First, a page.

WASHINGTON (Reuters) - Republican Sen. Larry Craig of Idaho reversed course on Thursday and said he would remain in the U.S. Congress despite his conviction in a sex-sting operation at an airport men’s room.
In a statement just hours after a Minnesota court refused to let him withdraw his guilty plea to a misdemeanor charge of disorderly conduct, Craig said he planned to complete his third term that ends in January 2009.
“When my term has expired, I will retire and not seek re-election,” said Craig, 62. “I hope this provides the certainty Idaho needs and deserves.”
Craig has insisted he did nothing wrong, did not try to solicit sex from an undercover policeman and is not gay. But under pressure from fellow Republicans, he announced on September 1 he intended to resign on September 30.
He began to waffle about his resignation shortly afterward, creating uncertainty about his future even as the Idaho governor interviewed some two dozen possible successors and had picked a possible replacement in the event Craig resigned.
Even if Craig left, it would have no impact on control of the Senate, now held by Democrats 51-49.
Republican leadership aides said there were no plans to try again to push Craig out, and there was no way to force him to leave, although he will face a Senate ethics probe.
The case has been a major political embarrassment for Republicans, since they have long billed themselves as the party of conservative family values.
Democrats won control of Congress in last year’s elections amid a series of Republican scandals, including one involving a Florida congressman sending sexually suggestive electronic messages to teenage male interns.
Sen. John Ensign of Nevada, who heads the Senate Republican campaign committee, said Craig should step down as he earlier said he would.
“He had his day in court,” Ensign said. “I am calling on Senator Craig to keep his word. ... It’s the right thing to do for the Senate. It is the right thing to do for his party.”
Sen. Mike Crapo, Craig’s fellow Republican from Idaho, was one of Craig’s few supporters, saying, “I think it is perfectly acceptable for him to change his decision” to step down as he explores possible court appeals.
Craig said in his statement, “As I continued to work for Idaho over the past three weeks here in the Senate, I have seen that it is possible for me to work here effectively.”
Craig was arrested at Minneapolis-St. Paul International Airport on June 11 after an undercover police officer said Craig sat down in a stall next to him and used hand and foot signals to indicate he was soliciting sex. Craig said his actions were misread and that he was not gay.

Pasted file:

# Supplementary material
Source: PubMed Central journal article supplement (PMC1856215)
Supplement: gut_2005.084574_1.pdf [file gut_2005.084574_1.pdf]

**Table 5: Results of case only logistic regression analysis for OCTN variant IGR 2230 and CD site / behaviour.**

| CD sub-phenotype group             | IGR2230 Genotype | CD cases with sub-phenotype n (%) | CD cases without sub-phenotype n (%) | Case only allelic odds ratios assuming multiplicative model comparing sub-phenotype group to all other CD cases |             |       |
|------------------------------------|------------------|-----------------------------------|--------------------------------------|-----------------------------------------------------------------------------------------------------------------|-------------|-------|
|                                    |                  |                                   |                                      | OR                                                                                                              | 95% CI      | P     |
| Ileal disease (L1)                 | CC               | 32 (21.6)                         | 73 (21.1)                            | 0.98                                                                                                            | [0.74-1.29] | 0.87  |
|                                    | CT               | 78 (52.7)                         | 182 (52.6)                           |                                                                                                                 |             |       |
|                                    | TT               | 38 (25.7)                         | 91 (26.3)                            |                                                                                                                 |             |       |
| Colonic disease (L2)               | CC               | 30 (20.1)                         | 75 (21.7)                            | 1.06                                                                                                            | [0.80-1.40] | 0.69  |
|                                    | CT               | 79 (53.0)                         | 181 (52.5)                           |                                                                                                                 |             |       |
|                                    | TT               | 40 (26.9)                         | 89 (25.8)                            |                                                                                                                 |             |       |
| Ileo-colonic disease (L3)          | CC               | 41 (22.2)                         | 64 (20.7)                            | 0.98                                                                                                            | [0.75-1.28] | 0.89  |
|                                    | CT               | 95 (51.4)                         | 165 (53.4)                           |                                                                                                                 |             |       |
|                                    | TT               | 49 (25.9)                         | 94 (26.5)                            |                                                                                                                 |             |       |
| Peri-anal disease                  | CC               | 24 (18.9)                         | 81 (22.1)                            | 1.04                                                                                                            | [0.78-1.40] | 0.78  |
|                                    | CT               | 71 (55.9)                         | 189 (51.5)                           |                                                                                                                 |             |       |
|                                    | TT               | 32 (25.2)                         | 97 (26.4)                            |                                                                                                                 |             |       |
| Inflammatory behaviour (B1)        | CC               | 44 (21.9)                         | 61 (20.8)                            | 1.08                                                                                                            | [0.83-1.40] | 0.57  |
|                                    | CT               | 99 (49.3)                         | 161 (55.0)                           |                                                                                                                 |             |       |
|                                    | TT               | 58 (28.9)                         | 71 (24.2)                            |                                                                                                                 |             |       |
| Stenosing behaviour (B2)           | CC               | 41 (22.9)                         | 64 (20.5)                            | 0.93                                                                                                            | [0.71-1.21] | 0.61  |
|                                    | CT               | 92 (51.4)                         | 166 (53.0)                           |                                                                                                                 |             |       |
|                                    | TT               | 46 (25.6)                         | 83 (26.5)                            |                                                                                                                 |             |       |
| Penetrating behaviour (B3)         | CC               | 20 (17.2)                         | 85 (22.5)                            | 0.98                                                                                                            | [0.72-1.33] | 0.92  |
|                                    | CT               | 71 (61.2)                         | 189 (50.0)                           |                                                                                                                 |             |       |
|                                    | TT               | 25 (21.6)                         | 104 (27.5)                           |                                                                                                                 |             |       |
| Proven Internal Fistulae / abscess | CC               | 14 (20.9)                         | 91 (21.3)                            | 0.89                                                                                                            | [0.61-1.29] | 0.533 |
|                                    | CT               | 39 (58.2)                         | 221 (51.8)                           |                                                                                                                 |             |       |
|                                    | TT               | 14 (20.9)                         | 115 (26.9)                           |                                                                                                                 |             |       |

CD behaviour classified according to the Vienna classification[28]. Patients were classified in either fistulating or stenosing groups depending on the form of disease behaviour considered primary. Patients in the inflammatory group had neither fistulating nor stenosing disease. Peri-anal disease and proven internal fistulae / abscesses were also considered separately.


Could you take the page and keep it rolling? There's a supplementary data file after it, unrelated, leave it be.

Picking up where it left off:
Craig said he did nothing wrong but panicked and pleaded guilty to a misdemeanor charge of disorderly misconduct. After the case became public in August, triggering a political firestorm, he sought to have his guilty plea withdrawn.
The senator announced his decision to stay in the Senate shortly after Judge Charles Porter of the Hennepin County District Court in Minnesota dismissed arguments made a week ago that Craig was rushed into pleading guilty and only did so after being promised secrecy by the undercover officer who arrested him.
Porter ruled Craig’s guilty plea to a disorderly conduct charge was “accurate, voluntary and intelligent, and ... supported by the evidence.”
“I am extremely disappointed with the ruling issued today,” Craig said in his statement. “I am innocent of the charges against me. I continue to work with my legal team to explore my additional legal options.”
In his 27-page ruling, Porter revealed more details of Craig’s encounter with Sgt. Dave Karsnia in adjoining bathroom stalls at Minneapolis’ airport.
Craig peeked at the officer, sat down in a stall next to him and used hand and foot signals to indicate he was soliciting sex. When Karsnia held his police identification underneath the stall divider, Craig said, “No,” and argued “You solicited me.”
A week later, Craig confronted Karsnia at the airport and was told to call the local prosecutor, which he did several times before mailing in his guilty plea. A $1,000 fine was cut in half, and he was ordered to pay $575 in fines and court costs and given a 10-day suspended sentence.
Additional reporting by Richard Cowan and Donna Smith in Washington, and Michael Conlon and Andrew Stern in Chicago